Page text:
Hearing of Applications Before the Court – Oral Arguments and Having the Last Word

In a recent decision in the case of Frey v. Labrouche (2012) the Court of Appeal allowed an appeal by Defendants whose application for an order for striking out claims against them had been refused by a Judge, and did so principally on the ground that the Judge who had originally dealt with the matter did so without giving due consideration to oral arguments.

When considering the appeal, Lord Neuberger stated amongst other things, that where an application is brought to strike out the whole or part of a claim, the Judge before whom the application is listed has a duty to consider the application properly after having read the evidence and considered oral arguments from both parties.  In particular, the Judge is bound to listen to oral arguments in support of the application unless he is satisfied by what he has read before coming into Court that the application should be granted, in which case he could call immediately on the parties to the application to persuade him otherwise (although this may not always be a wise course of action). However, and particularly where a Judge has the benefit of time to read all the papers prior to the Court hearing and to consider a full written argument on behalf of both parties, he may quite properly be able to dispose of the hearing of the application far more quickly than the parties and their legal advisors may have expected.  For example, and although again it may be unwise to do so, a Judge could begin the hearing by saying that having read all the papers, his provisional view was the application should be rejected on various grounds although he could then give the parties an opportunity to change his mind through oral arguments, and if the Judge was not persuaded by such arguments, end the hearing by giving Judgment in order to save further and unnecessary time and costs from being incurred.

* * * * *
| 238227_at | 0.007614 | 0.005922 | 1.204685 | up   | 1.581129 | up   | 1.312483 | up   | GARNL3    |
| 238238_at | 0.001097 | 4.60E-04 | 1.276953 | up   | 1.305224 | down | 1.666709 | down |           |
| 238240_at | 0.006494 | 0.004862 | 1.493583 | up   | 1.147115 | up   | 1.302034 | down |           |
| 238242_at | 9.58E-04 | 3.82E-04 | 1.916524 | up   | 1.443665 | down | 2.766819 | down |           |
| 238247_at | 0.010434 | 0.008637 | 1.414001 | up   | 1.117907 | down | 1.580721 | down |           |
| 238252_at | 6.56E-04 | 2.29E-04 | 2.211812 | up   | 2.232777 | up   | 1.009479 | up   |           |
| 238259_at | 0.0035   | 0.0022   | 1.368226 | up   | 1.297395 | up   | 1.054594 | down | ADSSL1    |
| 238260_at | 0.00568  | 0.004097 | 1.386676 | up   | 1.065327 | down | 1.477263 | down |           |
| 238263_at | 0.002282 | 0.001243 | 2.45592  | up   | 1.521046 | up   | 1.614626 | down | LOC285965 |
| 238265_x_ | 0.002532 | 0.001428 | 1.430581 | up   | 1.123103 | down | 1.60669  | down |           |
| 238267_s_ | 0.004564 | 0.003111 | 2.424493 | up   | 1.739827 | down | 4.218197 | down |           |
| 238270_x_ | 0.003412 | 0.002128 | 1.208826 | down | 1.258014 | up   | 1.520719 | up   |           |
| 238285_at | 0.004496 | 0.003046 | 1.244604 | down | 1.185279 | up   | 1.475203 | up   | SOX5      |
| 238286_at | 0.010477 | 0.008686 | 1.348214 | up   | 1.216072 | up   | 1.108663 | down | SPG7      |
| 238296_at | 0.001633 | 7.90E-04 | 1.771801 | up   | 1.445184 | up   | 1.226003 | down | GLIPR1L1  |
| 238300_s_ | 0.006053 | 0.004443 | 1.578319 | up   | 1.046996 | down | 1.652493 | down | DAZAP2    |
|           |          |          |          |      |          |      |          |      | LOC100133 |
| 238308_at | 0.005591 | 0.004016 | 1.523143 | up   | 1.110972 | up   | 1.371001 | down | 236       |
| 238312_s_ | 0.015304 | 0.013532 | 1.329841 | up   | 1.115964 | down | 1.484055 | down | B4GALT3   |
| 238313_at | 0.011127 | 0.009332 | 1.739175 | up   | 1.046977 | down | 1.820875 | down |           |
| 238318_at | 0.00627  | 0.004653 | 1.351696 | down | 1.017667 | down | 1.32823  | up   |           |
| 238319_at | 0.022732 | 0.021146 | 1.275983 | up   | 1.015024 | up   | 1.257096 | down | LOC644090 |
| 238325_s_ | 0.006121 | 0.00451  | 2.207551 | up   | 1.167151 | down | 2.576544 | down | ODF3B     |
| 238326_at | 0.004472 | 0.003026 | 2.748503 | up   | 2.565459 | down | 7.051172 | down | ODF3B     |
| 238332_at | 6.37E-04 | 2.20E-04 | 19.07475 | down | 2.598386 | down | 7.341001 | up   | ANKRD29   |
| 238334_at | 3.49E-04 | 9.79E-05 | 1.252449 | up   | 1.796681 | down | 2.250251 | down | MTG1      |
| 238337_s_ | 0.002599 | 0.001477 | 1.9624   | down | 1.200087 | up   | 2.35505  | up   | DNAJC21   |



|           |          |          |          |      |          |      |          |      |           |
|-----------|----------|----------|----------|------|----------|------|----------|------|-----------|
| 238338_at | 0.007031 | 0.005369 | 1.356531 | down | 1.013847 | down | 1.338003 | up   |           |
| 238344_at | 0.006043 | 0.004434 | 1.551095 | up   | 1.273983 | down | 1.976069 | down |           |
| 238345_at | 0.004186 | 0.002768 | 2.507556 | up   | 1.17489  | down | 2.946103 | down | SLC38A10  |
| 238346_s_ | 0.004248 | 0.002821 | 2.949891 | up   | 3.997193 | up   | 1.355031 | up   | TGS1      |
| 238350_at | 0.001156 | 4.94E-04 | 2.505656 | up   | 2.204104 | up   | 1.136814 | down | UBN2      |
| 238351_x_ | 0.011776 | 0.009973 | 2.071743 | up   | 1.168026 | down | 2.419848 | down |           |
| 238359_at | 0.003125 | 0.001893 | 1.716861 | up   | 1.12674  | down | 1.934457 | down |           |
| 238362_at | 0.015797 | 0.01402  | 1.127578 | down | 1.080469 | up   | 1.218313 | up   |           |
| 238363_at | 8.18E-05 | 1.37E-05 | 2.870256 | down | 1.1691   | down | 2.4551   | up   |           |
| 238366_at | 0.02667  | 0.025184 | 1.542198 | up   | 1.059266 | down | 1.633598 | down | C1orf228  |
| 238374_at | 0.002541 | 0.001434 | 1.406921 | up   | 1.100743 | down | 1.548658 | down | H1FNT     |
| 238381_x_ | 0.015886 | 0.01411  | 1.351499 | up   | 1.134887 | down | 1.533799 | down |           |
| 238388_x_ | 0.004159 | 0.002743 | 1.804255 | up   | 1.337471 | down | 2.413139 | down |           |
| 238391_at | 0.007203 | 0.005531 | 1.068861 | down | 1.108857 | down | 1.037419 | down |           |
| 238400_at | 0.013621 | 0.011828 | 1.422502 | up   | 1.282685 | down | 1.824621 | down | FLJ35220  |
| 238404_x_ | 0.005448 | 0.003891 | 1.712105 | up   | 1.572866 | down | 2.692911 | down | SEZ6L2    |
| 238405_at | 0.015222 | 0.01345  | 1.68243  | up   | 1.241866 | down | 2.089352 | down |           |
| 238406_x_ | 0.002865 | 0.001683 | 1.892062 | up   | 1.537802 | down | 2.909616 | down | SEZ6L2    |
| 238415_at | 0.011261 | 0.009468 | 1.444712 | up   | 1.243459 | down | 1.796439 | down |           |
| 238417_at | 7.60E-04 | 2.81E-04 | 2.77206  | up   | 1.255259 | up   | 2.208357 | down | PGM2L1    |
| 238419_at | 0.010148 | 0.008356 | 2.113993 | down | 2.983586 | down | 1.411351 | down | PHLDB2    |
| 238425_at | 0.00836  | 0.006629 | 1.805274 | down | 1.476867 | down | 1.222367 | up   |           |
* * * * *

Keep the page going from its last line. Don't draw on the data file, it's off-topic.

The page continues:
However, and what a Judge cannot properly do (as much he believes that he has fully read and understood all the documents and submissions that may be made to the Court) is to dismiss the application without giving all the parties a fair opportunity to make out their case by oral arguments.

It is common experience that a Judge may come into Court with a particular view as to the likely outcome of the hearing only to find himself of a very different view once he has heard oral arguments.  It was for that reason, as well as the reason that “justice must always be seen to be done”, that parties must be given a fair opportunity to make out their cases orally.  Even and after taking into account the submission of written arguments to the Court prior to the hearing, a Judge still must consider the oral argument of a party before he makes his decision.

If a party is of the opinion that a Judge has adopted an inappropriate procedural course in coming to a decision, that party should make clear to the Judge his objections to it as it is very rarely that a party will then be permitted to appeal a decision on a ground which was not open to him, but he did not take before the Judge.  It should always be understood that the Judge, and not the Court of Appeal is the primary fact finder and the primary controller of procedure in Court.  Accordingly, the Court of Appeal will usually be reluctant to interfere with a Judge’s finding of fact, exercise of discretion, or procedural and case management decisions.  The Court of Appeal’s function is only to correct what it regards as mistakes made by the Judge and not make fresh decisions.   Where the Judge has not had the opportunity of knowing that a decision is to be objected to by a party, it is hard to characterise the decision as one which can then be appealed against.

Finally, a party should be bold enough to stand up to a Judge who is proposing to take an inappropriate course of action (such as refusing to hear oral argument) before appealing, although where a Judge makes it clear that he is resolved on taking a certain course and that there is no prospect whatsoever of any party being able to dissuade him from that course, it is hard to see what the party can do other than to appeal against the Judge’s decision.

Whilst Judges are after all human, and are subject to many factors which may influence their decision, the ultimate question will always be who has the last word!